A look at the ever-growing practice of consignment and the benefits it offers jewelers.
Much of the jewelry trade relies on memo — short for memorandum, a reference to the paper trail used to keep track of goods. It’s the industry’s version of consignment, whereby vendors and suppliers loan goods to stores on an as needed basis.
“Memo has been around since the dawn of the jewelry business,” says Doug Hucker, CEO of the American Gem Trade Association (AGTA). “Everyone can’t have all the inventory they need, and so you look to your suppliers to give you memo. There’s no inventory cost to the jeweler, and then they sell the piece and pay the supplier.”
In the past, memorandum goods were a more fragmented affair for both vendors and retailers, according to Andrew L. Rickard, vice president of operations at New York-based wholesale distributor RDI Diamonds.
“It used to be primarily out of New York, and there were road warriors who would travel across the country and sell things. Then FedEx created overnight shipping. Before, if I was in Idaho, there was no method to get the item I needed. Overnight shipping helped memo evolve. Now, companies like RDI Diamonds are willing to provide diamonds on consignment. That means stores don’t have to extend that capital, and they can use our inventory as bank. They show them, sell them and return what doesn’t sell.”
Loose diamonds and colored gemstones are popular memo categories. “In the colored-stone business, there’s more memo in the high end, because of the limited ability of a retail jeweler to spend $1 million on colored stones,” says Hucker. “Also, if a customer comes in looking for a 15-carat tourmaline, the chances of you having that in stock are small. So a lot of colored-stone dealers are willing to memo out goods.”
And although memo touches almost every jewelry category, not all companies need it or use it. Larger vendors and those in high demand, such as Rolex, are unlikely to utilize this option, because they’re better able to set high prices and require large buy-ins.
Still, states Rickard, “memo is pretty pervasive throughout the industry. There are firms in every category that do some form of memo, although certain organizations have different rules on what they’ll allow.”
Pros and cons
Naturally, there are benefits and drawbacks to the arrangement. “Memo is a difficult business for vendors, even short-term,” Rickard acknowledges. “Memo is just a chance. To a large degree, I try and get you the best I can, and then hope you sell it. But the value that memo provides to retailers is huge. And when vendors develop a partnership with a retail client, we both get the benefit.”
For some stores, though, the drawback is price. “There are some downsides for retailers,” he continues. “Smart wholesalers are charging them more. So if you’re quoting off a higher price, you’re charging a higher price, unless you’re reducing your markup. But retailers are willing to look past the higher price, because it’s free up front.”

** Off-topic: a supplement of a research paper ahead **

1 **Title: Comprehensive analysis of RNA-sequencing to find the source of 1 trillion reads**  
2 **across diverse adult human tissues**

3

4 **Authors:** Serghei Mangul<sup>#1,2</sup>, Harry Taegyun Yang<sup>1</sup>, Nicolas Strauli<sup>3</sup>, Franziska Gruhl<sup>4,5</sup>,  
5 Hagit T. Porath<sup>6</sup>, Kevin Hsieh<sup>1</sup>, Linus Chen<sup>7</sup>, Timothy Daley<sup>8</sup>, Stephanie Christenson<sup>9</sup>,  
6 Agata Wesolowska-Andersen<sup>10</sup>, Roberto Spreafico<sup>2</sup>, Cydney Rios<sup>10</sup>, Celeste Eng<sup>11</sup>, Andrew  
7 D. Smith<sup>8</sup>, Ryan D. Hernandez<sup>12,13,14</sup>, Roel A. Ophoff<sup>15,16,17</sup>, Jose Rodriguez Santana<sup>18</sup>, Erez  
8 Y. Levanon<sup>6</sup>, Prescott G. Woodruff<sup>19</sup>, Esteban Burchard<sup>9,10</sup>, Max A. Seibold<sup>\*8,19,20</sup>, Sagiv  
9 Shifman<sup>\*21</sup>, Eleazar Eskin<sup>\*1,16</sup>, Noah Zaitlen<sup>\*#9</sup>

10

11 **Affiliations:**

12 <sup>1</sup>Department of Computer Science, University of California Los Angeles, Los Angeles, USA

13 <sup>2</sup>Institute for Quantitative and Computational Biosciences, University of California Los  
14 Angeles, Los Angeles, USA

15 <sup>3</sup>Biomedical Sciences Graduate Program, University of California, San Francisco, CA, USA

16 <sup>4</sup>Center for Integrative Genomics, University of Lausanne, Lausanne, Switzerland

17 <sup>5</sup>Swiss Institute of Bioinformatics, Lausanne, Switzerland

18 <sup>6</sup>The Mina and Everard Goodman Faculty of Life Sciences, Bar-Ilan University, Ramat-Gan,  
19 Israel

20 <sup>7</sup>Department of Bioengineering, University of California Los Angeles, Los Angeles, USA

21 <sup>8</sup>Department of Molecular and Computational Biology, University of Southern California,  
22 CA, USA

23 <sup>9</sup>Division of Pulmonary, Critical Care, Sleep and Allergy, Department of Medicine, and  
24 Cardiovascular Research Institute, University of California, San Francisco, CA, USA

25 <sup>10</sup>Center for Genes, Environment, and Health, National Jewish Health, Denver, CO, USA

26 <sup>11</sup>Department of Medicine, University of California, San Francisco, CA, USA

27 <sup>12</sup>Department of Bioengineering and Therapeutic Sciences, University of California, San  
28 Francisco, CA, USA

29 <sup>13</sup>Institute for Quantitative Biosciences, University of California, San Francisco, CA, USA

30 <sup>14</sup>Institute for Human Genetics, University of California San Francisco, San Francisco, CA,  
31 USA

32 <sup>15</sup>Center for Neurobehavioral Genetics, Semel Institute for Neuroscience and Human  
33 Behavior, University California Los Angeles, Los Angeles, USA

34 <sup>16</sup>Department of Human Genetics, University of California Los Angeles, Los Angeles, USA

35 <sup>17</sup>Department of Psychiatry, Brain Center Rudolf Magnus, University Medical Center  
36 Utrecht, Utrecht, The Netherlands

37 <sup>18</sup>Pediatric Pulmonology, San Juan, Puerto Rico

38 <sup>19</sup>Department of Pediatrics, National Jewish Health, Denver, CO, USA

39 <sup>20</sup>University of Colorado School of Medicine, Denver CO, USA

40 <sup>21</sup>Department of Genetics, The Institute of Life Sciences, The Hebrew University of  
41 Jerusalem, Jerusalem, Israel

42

‘As popular as ever’
By most accounts, the use of memo is expanding. But that doesn’t mean it’s more desirable, according to Hucker. “A lot of jewelers need the support, but if you talk to suppliers, they say they’d like to sell it and get paid for it right away.”
That said, even with long-term memo, vendors see the benefit. “Short-term memo is as popular as ever and probably growing,” says Rickard. “And although I’ve started to see less long-term memo, there are still people who will do that just to get their foot in the door. It’s a hell of carrot for a retailer to offer.”
The Basics of Memos
Decades ago, many jewelers owned most of what was in their cases, although even then, memo was a small part of doing business.
In recent times, however, retailers have found that having goods on consignment is an increasingly convenient way to keep their stock fresh without costly inventory overhead.
- What is it?
In essence, memo is a loan from a vendor to a store. It gives the vendor or supplier the opportunity to have its merchandise out at retail, and not gathering dust in a vault.
For jewelers, it means the chance to feature loose diamonds, gemstones, and finished pieces without having to spend a lot of money up front, since there is no charge on memo goods until the item is sold.
- When is it used?
Short-term: When a retailer needs to fill immediate gaps in inventory, such as when customers make requests, it can call a vendor to order specific stones or finished pieces.
The vendor will ship the item, and if the sale isn’t completed within a specific period (normally one to two weeks), the retailer returns the product.
Long-term: This is for when suppliers want a foot in the door, or when a retailer wants to showcase merchandise that may not be in immediate demand.
Long-term memo typically lasts anywhere from 30 days to six months, and allows vendors to place items in-store with no risk to the retailer.
The vendor assumes the risk, since there’s no guarantee the goods will sell.
- Risk management
As there is no up-front financial commitment, the system relies on vendor-retailer trust.
Retailers often pay a higher price and therefore have smaller margins on these goods, which is how vendors offset the risk of sending products without payment.
Both stores and suppliers are required to keep track of sales and returns, with retailers reporting weekly on what they sell and what they return to the vendor.